Y’know the Doppler Effect: it causes the sound pitch of cars and horns and sirens and suchlike to seem lower as they pass and move away from you at speed. It has nothing to do with today’s stories. Instead, they pivot on the Dopeler Effect, which causes dumb ideas to seem smarter as they approach you at speed. Both effects are relative; they depend on the observer’s frame of reference relative to the sound (Doppler) or idea (Dopeler).
In Autumn 2003 I spotted an absolute honey of a 1994 Spirit R/T on an automotive classified-ads website. Just about 40,000 miles on it, all original, belonged to a banker’s wife. Intercooled turbocharged 2.5-litre engine, automatic transaxle, 4-wheel disc brakes with ABS, 15″ alloy wheels, power locks-windows-mirrors-heated seats-antenna, sunroof, tan leather interior, perfect inside and out, and an affordable asking price. It seemed like almost the perfect AA-body; very near to exactly what I wanted, minus only cruise control and that deep metallic green paint they offered.
Problem: that classifieds site was autos.yahoo.com.mx, and the car was a Chrysler Spirit R/T in La Paz, Baja California Sur—over 5,300 kilometres and two international borders away from my home in Toronto. Oh, and it was 16 years too new to be legally imported into the States and six years too new for Canada. Still, it made my teeth itch so much I started running mind-movies of cockamamie schemes to get it in. I was emailing with the seller (using whatever came before Google Translate…oh yeah, that’s another thing: I can’t speak Spanish) and he proposed I fly in, have a lovely vacation there in La Paz and then drive the car home.
That is: drive the car 1,400 dangerous kilometres as an illiterate foreigner who doesn’t speak the language before I even get to the United States border, convince the US border guards I’m not trying to import the car to the states, but rather to Canada, cross the states diagonally, then convince the Canadian border guards to let the car in. Oh, gee, is that all?
Truly harebrained thoughts were inspired by late-production early-type Beetles and Minis and such brought in via subterfuge—or maybe even less than that; after all, I knew there was at least one other Mexican Chrysler Spirit in daily use with regular US licence plates. But false declaration is a profoundly stupid idea, just like all other kinds of lying to border guards. This is the likely outcome for an illegal car (and it’s likely what the would-be importer, in very deep doo-doo, wishes were their own fate):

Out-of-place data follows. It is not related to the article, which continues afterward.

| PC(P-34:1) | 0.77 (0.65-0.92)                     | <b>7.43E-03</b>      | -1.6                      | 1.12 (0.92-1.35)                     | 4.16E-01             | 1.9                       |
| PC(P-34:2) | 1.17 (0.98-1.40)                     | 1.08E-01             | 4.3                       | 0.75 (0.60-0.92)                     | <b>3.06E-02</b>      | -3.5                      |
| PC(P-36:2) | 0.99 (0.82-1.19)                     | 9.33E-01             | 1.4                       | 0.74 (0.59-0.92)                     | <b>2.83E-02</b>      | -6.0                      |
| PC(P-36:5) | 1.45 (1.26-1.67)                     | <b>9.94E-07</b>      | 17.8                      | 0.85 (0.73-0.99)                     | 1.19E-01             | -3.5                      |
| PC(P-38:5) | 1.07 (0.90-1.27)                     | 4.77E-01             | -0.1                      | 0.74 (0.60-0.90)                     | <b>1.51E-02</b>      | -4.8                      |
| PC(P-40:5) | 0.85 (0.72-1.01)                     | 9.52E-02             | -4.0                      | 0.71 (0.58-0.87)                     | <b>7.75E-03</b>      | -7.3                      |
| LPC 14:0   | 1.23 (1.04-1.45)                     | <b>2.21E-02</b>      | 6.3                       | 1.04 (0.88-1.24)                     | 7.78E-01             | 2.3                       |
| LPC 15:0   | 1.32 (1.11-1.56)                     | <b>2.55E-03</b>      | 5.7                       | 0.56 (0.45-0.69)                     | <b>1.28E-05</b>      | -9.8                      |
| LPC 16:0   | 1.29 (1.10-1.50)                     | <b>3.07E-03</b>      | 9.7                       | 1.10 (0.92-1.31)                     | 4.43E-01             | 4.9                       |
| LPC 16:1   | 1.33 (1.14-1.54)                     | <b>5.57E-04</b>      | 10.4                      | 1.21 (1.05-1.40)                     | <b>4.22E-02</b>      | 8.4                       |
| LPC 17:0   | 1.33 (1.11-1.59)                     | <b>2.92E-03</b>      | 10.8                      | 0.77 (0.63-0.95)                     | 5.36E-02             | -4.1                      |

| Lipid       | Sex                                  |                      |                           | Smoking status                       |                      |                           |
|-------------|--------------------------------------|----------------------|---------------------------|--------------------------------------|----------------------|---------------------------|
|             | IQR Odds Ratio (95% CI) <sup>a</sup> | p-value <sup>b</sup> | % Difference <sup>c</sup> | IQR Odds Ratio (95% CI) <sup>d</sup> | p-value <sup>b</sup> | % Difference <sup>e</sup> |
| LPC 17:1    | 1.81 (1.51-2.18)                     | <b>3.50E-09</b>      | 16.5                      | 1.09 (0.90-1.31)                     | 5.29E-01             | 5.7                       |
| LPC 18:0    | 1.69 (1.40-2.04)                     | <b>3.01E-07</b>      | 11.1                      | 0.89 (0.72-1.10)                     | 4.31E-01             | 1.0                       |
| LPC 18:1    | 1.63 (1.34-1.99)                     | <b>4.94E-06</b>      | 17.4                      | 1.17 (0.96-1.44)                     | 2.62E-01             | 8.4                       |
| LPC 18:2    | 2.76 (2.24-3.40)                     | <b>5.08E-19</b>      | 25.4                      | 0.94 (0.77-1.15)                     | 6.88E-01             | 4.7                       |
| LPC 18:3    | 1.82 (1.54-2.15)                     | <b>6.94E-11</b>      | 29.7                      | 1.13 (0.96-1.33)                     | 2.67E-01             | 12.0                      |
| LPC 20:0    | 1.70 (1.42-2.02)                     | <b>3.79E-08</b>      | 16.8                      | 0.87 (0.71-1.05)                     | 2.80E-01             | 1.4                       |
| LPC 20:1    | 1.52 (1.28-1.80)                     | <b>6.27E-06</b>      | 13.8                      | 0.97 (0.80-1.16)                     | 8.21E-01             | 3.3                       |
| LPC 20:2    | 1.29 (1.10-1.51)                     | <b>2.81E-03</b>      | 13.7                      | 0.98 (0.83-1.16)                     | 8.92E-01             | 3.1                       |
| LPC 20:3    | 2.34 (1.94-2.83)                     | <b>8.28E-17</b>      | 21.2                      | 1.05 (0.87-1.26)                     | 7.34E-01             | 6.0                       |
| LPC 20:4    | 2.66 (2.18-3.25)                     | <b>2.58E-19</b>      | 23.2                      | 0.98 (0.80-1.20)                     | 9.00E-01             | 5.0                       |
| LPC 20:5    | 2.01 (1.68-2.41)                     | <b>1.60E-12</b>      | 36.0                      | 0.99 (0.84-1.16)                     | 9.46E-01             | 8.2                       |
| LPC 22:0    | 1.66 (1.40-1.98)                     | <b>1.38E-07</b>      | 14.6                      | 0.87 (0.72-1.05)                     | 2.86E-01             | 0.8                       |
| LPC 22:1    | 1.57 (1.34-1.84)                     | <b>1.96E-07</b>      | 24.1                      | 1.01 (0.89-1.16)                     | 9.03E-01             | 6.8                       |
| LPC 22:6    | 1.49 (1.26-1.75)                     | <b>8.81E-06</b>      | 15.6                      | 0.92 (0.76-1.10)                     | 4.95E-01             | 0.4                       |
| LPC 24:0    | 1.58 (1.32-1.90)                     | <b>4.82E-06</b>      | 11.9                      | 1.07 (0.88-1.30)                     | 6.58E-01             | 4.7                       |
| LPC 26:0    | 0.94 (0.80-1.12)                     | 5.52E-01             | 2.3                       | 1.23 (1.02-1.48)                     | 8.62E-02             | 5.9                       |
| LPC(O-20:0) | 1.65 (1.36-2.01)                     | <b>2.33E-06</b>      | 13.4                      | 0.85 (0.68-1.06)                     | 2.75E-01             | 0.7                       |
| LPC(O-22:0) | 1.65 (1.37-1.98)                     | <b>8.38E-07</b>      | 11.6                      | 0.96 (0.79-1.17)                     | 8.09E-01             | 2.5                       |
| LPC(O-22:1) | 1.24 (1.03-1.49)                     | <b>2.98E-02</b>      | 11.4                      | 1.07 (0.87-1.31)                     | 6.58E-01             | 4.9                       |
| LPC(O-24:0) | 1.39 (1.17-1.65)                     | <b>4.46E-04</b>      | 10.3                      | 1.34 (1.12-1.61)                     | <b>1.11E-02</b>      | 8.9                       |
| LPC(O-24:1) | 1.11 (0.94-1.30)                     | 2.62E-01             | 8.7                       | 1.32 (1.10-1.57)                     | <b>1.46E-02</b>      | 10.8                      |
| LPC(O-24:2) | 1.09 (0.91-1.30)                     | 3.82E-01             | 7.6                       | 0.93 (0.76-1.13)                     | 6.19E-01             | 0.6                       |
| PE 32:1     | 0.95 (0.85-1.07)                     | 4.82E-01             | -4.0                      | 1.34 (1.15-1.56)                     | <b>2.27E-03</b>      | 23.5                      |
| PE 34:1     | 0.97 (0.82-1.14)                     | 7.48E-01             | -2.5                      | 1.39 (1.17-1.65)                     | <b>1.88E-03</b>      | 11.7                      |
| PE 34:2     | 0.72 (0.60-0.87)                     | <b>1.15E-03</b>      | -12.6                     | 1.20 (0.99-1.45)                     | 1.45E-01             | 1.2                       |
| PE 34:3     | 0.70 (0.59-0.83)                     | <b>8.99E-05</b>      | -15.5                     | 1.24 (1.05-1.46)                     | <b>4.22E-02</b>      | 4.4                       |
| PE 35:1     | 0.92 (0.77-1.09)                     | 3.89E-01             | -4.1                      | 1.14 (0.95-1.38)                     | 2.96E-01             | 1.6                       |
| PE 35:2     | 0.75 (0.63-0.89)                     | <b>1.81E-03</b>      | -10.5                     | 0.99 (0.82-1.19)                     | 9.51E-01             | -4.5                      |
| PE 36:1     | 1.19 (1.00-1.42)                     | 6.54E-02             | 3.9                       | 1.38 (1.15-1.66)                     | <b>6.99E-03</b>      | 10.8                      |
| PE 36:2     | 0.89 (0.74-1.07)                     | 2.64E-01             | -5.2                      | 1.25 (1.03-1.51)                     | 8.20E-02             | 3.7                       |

Even if one manages to sneak a car across the border that isn’t meant to cross, it can still be seized (and destroyed, with the deep doo-doo and all the rest) at any time afterward. So: no. Okeh, how about importing it legally? It was potentially possible, theoretically. All I’d have to do is contract with DOT-registered and EPA-certified importers, put up a hefty bond, pay and wait for the importers to take apart the car and tabulate the construction and equipment differences to the equivalent US model, wait and pay for them to petition NHTSA to be permitted to modify the car to comply with US safety standards, wait and pay for them to do a three-day-long, multi-thousand-dollar series of emissions certification tests, then if NHTSA said yes wait and pay for the importers to do the modifications, wait for NHTSA to accept the documented modifications and for EPA to accept the results of the certification test, purchase costly import insurance, and…yeah…no. Even if that were successful, it would only get the car into the states; the only cars not built to Canadian standards that can be imported to Canada are substantially identical US models requiring only trivial modifications—all others are frozen out until they are 15 years old.
So I had to give up on that ’94 Spirit R/T. But its existence, and that of the illegal-alien ’92 (linked above), sparked another idea which in comparison—here’s that relative frame of observation I mentioned—seemed entirely sound, sane, reasonable, and feasible: build one! Start with a perfectly functional, intact automobile, take it apart for no good reason, and put it back together with a whole bunch of different parts. It’ll be great; all the parts will certainly go together with no difficulty, the resultant assembly will be a car even more perfectly functional and intact than before, and the project surely won’t take much time or money. A surefire plan, really; why, what could possibly go wrong?
This idea was juiced along by my recollection of riding in “Killer”, Hemi Andersen’s decidedly non-stock 1981 Aries, when I’d been there with D’Valiant some years before. He built that car up with goodies from a variety of later-year K-derivatives. It had a snappy turbo 2.5 motor in it, an A413 Torqueflite that shifted nicely, good brakes and wheels and suspension and on and on. Lots of fun. I wanted a Hemi-built car, too!
I found a Silver ’92 (American Dodge) Spirit R/T and thought to use the proceeds from selling its monster 16-valve motor and 5-speed transaxle to finance a swap-in of an 8-valve engine only somewhat less fun and a lot more dependable. That fell through; I think the car sold before I made up my mind. But not long after, I found a white ’92 Spirit ES with the Mitsubishi 3.0 V6 and A604 automatic. Aha! Hemi tried to discourage me: So you don’t apparently want to use the engine presently in the car. It seems a shame to make such a swap. But he did have a 2.5 turbo engine built up and on a stand…!
By the extremely eventual end of the project, he and I both wound up wishing he’d refused harder and I’d listened better. But we didn’t, so I bought that 58k-mile ’92 ES remotely—that was to be the first similarity with my at-the-time-still-ongoing-but-not-really Volvo 164 restification.